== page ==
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    ABSTRACT: Despite the central role of training and consultation in the implementation of evidence-based psychological interventions (EBPIs), comprehensive reviews of research on training have highlighted serious gaps in knowledge regarding best practices. Consultation after initial didactic training appears to be of critical importance, but there has been very little research to determine optimal consultation format or interventions. This observational study compared two consultation formats that included review of session audio and feedback in the context of a program to train clinicians (n = 85) in community mental health clinics to deliver cognitive therapy (CT). A "gold standard" condition in which clinicians received individual feedback after expert consultants reviewed full sessions was compared to a group consultation format in which short segments of session audio were reviewed by a group of clinicians and an expert consultant. After adjusting for potential baseline differences between individuals in the two consultation conditions, few differences were found in terms of successful completion of the consultation phase or in terms of competence in CT at the end of consultation or after a 2 year follow-up. However, analyses did not support hypotheses regarding non-inferiority of the group consultation condition. While both groups largely maintained competence, clinicians in the group consultation condition demonstrated increases in competence over the follow-up period, while a sub-group of those in the individual condition experienced decreases. These findings, if replicated, have important implications for EBP implementation programs, as they suggest that observation and feedback is feasible in community mental health setting, and that employing this method in a group format is an effective and efficient consultation strategy that may enhance the implementation and sustainability of evidence-based psychotherapies.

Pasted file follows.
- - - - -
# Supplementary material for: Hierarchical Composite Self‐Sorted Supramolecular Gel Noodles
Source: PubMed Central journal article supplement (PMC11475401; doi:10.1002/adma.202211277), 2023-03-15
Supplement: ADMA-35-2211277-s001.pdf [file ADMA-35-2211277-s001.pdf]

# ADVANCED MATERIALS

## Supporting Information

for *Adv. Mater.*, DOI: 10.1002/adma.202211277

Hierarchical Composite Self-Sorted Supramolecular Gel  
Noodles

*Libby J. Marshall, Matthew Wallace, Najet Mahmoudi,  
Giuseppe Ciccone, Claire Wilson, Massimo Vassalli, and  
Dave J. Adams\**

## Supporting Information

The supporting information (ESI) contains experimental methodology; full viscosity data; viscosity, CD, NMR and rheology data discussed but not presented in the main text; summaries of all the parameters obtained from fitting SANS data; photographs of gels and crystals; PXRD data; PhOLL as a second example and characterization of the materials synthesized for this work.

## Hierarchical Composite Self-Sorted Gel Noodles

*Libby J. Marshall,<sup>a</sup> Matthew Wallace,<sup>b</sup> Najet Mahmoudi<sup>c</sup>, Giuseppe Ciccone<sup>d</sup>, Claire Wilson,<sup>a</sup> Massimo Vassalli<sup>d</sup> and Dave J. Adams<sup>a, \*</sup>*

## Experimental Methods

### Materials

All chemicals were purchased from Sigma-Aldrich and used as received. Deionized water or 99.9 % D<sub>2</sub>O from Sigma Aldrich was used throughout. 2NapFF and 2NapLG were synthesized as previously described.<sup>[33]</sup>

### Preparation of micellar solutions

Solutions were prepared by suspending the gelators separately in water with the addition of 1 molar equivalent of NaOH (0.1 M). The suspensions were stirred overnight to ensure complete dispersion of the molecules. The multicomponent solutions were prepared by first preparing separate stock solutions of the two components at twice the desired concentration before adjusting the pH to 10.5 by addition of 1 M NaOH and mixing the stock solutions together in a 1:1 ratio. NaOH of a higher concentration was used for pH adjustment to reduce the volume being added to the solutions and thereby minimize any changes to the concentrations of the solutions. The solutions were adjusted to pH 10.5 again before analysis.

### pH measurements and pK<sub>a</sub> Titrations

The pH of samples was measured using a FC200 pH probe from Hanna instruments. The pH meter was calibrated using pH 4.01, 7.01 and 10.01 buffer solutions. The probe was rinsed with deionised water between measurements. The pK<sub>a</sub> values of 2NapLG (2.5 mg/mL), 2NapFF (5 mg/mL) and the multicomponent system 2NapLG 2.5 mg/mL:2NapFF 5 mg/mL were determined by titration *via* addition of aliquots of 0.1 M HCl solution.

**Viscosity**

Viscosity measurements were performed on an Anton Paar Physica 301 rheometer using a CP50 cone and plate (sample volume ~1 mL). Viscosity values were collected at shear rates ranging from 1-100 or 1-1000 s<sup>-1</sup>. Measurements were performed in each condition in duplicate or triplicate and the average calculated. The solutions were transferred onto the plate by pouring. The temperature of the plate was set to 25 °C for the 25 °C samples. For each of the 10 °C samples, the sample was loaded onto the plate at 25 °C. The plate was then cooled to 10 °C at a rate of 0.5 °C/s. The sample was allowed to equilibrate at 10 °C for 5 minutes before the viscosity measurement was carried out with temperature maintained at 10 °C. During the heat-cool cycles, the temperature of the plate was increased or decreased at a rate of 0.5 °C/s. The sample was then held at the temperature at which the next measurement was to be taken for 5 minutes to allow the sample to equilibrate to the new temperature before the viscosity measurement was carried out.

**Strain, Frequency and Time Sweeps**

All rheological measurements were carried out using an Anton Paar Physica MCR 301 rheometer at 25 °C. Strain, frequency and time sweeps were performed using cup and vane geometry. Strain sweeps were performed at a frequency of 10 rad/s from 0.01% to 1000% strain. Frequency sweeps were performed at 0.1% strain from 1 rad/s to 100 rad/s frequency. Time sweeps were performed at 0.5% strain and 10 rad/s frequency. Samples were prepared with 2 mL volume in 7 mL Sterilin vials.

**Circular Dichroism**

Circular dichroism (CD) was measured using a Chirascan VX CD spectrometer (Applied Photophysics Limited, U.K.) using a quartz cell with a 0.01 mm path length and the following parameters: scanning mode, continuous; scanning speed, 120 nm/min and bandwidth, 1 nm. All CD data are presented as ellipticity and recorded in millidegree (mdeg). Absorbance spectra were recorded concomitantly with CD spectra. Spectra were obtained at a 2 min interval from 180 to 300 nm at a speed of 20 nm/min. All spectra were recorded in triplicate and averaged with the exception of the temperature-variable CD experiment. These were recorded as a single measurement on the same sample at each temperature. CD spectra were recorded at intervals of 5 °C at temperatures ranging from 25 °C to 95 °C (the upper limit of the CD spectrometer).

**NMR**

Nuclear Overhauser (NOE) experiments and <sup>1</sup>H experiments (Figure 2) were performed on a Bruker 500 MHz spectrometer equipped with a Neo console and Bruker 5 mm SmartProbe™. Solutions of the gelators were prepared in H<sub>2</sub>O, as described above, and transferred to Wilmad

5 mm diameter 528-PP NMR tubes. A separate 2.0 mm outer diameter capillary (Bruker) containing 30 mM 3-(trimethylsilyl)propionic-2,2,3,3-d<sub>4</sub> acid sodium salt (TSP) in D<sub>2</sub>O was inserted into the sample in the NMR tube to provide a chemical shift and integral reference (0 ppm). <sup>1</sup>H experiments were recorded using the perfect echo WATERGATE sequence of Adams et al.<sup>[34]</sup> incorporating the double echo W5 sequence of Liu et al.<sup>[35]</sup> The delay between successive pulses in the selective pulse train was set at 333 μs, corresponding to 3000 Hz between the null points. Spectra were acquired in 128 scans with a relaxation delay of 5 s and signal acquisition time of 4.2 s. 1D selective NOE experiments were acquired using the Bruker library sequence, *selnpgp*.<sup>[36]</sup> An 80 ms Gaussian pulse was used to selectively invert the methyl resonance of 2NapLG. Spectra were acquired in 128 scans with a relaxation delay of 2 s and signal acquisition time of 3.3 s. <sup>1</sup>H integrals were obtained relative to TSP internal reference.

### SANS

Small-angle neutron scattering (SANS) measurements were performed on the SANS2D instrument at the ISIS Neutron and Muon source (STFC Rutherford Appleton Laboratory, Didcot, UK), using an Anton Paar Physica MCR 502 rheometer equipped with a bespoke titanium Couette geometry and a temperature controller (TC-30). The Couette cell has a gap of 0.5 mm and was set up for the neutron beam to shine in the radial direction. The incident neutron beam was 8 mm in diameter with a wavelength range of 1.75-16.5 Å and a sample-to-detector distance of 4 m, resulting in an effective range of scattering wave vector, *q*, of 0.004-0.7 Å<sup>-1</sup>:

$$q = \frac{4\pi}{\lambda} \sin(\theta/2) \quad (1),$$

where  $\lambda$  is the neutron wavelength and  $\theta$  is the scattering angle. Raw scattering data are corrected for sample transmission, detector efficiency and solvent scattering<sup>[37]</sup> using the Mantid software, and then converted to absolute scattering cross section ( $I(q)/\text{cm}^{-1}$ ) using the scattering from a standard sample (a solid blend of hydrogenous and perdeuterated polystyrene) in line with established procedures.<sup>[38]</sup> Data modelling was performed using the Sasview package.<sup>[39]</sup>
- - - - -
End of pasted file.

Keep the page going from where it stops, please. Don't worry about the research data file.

Full-text · Article · Nov 2015 · Administration and Policy in Mental Health and Mental Health Services Research
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    • "Ongoing consultation calls, which are a standard part of some training models after an initial training in an EBP, might also have the potential to fill this role. The tendency for behaviors to shift back to original models of care in the absence of continued support (Deane et al. 2014; Miller et al. 2004) and the findings of this study suggest that effective, sustained mechanisms to support use when consultation calls end need to be developed. Particularly when the service context is characterized by multiple demands and many new initiatives, as is the case in child welfare settings, new practices may be lost quickly after the implementation period. "
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    ABSTRACT: Children's service systems are faced with a critical need to disseminate evidence-based mental health interventions. Despite the proliferation of comprehensive implementation models, little is known about the key active processes in effective implementation strategies. This proof of concept study focused on the effect of change agent interactions as conceptualized by Rogers' diffusion of innovation theory on providers' (N = 57) use of a behavioral intervention in a child welfare agency. An experimental design compared use for providers randomized to training as usual or training as usual supplemented by change agent interactions after the training. Results indicate that the enhanced condition increased use of the intervention, supporting the positive effect of change agent interactions on use of new practices. Change agent types of interaction may be a key active process in implementation strategies following training.
    Full-text · Article · Oct 2015 · Administration and Policy in Mental Health and Mental Health Services Research